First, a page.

2. Get prepared: Think about it: what are the topics of conversation that are highly likely to come up in conversations with native speakers? The truth is, the same small number of topics will come over and over again, and it’s easy to prepare for them. Having an arsenal of phrases guaranteed to spark small talk can really help to boost your confidence in engaging native speakers in their language. From my own experience, people will invariably ask things such as why you’re learning their language and how long you’ve been doing it for. Get ready to answer these questions by memorizing a few key words and sentences. Practice them out loud to yourself and, if possible, with a tutor or a native friend.
3. Set small goals and achieve them: If you’re dead afraid of speaking to natives in your target language, chances are you won’t start having long conversations tomorrow just because I tell you it’s important. But hey, how about starting with very small goals, such as saying “hi” and “how are you” in your target language when meeting natives, just to test the ground? Then you’ll be free to switch back to English if you feel like it. By starting small and progressively building up on your progress, you’ll develop confidence and a desire to open more to others. Plus, you’re likely to get a lot of positive feedback and you’ll see that people show curiosity for your interest in their language.
4. Act positive: When thinking about a situation, you automatically make “movies” in your mind that represent the situation. These movies completely determine how you feel about the situation. What you have to do is to make a conscious effort to make these movies as positive as possible. Instead of imagining failure or rejection, imagine yourself confidently speaking to natives with your newly acquired Spanish skills, for example, making new friends and having a good time.
5. Smile to others and laugh at yourself: Finally, remember to smile and laugh at yourself. You made a mistake? It’s not the end of the world! Keep your chin up and have a good laugh. Smile to people and show genuine interest in them and in their culture. And if you want to ease the mood, try learning a couple of funny jokes in your target language.As you meet natives and the opportunity arises, drop a few funny lines and see how people react!Jokes are a great social lubricant and when you’ll see people laugh at the ones you throw at them, your confidence is sure to grow and you’ll be sure to have a good time, too.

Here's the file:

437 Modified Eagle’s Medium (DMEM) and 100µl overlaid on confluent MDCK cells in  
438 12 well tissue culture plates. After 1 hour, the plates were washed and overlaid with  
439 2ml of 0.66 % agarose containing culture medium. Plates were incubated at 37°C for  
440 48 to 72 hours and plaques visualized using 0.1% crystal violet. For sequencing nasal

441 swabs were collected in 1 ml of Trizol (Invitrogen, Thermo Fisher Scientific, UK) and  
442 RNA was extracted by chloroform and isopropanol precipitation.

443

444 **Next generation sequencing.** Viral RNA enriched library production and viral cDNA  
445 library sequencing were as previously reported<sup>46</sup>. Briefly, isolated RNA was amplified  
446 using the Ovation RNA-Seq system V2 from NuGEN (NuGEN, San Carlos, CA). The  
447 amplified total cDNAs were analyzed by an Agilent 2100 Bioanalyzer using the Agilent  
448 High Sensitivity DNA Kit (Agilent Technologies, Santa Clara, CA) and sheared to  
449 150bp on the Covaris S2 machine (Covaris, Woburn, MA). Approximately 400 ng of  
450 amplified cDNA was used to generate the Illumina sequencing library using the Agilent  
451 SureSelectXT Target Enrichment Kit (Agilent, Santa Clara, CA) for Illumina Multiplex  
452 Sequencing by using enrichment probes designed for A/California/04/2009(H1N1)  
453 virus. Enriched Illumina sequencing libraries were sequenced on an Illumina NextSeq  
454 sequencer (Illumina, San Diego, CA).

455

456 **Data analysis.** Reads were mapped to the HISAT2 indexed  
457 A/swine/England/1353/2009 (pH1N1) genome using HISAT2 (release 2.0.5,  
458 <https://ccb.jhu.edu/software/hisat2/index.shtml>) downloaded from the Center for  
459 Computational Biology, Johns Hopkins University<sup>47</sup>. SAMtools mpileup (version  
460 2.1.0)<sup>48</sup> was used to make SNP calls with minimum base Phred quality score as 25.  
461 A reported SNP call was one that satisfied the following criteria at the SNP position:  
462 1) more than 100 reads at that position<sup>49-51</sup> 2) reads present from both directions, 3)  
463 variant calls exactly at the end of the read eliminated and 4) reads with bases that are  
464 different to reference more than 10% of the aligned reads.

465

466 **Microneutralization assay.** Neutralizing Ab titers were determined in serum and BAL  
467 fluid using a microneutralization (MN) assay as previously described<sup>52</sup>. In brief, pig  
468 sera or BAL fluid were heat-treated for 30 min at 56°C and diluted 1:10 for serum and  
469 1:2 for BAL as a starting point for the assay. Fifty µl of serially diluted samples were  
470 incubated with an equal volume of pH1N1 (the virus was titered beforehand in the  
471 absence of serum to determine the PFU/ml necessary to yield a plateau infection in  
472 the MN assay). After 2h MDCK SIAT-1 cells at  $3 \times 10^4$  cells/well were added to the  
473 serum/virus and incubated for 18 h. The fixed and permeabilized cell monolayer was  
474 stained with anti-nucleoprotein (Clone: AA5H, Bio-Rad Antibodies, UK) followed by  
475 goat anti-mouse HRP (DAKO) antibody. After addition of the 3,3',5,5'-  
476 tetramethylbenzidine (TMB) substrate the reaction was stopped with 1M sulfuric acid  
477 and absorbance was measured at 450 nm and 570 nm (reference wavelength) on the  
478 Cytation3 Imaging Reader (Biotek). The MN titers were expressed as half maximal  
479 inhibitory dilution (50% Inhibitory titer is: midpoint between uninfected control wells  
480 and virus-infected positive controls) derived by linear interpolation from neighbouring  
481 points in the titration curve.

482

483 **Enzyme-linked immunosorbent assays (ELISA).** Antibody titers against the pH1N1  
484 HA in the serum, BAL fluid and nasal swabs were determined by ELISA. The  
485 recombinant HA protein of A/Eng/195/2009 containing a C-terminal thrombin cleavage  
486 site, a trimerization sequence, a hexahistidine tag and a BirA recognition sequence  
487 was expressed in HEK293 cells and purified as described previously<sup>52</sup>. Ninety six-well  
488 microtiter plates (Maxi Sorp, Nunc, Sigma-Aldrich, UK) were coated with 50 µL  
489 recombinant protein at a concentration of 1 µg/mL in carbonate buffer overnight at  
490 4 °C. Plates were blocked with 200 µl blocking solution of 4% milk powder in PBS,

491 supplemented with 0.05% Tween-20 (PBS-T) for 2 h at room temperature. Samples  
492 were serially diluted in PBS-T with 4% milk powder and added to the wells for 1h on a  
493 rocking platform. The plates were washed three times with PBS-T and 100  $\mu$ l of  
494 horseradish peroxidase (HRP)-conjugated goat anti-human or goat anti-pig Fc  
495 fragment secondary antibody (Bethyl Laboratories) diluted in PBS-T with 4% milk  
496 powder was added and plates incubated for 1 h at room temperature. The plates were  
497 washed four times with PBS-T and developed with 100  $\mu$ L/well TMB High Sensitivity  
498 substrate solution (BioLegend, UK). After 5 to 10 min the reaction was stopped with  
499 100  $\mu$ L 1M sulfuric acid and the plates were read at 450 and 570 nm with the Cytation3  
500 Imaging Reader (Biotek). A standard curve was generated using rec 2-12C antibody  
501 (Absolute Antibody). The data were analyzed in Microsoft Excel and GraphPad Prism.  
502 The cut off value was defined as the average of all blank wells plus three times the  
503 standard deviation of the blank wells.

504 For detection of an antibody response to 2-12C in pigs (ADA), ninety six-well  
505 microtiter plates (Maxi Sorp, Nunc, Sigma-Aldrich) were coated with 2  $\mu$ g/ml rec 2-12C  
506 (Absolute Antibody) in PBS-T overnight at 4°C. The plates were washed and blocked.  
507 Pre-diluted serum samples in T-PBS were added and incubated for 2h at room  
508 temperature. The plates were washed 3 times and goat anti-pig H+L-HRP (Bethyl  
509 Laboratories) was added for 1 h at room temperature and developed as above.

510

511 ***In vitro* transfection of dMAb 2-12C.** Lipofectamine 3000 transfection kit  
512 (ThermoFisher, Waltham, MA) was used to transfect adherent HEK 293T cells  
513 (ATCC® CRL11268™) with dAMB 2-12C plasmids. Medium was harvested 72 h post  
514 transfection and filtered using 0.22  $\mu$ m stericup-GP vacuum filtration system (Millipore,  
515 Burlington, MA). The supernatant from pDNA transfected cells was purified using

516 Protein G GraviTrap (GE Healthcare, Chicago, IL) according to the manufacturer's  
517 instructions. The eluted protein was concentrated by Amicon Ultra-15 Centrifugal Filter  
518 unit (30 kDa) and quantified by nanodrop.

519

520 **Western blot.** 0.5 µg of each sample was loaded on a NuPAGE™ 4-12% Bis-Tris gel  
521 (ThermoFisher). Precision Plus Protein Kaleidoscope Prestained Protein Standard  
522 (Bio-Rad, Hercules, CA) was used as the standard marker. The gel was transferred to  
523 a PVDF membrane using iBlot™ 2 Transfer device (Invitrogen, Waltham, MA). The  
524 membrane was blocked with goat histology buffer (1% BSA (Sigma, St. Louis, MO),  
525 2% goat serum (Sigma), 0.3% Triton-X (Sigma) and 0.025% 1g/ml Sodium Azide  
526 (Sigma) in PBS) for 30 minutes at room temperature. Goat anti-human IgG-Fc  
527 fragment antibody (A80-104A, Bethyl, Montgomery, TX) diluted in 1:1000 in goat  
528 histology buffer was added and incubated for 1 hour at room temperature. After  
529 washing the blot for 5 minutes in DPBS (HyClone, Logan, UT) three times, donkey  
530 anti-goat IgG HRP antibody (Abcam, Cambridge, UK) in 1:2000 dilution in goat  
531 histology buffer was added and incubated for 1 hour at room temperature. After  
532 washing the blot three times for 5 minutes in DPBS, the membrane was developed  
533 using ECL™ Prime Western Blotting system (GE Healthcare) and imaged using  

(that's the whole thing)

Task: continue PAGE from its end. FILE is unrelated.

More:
If All Else Fails, Just Remember: The Sky is Not Going to Fall
Learning a language is all about expanding your comfort zone. In fact, I would go as far as to say that the key to living a fulfilling life is by constantly stepping outside of your comfort zone.
Leave your doubts behind in your comfort zone.Don’t tell yourself “I will never meet any native speakers until I’m absolutely sure that I won’t make any mistakes when speaking their language, otherwise I surely will die in embarrassment.” Really? Think about this: whatever you do, the sky is not going to fall and no, people are not going to roll on the floor and start laughing at you because you butchered their language’s grammar. Just stay relaxed, keep an open mind, and show curiosity. The rest will follow.
Are you afraid of speaking in a foreign language? We all are to some extent. But by making conscious efforts to develop your confidence and step out of your comfort zone, you’ll start to see amazing change happen.
What do you think? Have you tried any of the tips outlined above? Do you have a solution for getting around (or over) foreign language anxiety? Tell us your stories in the comments section below.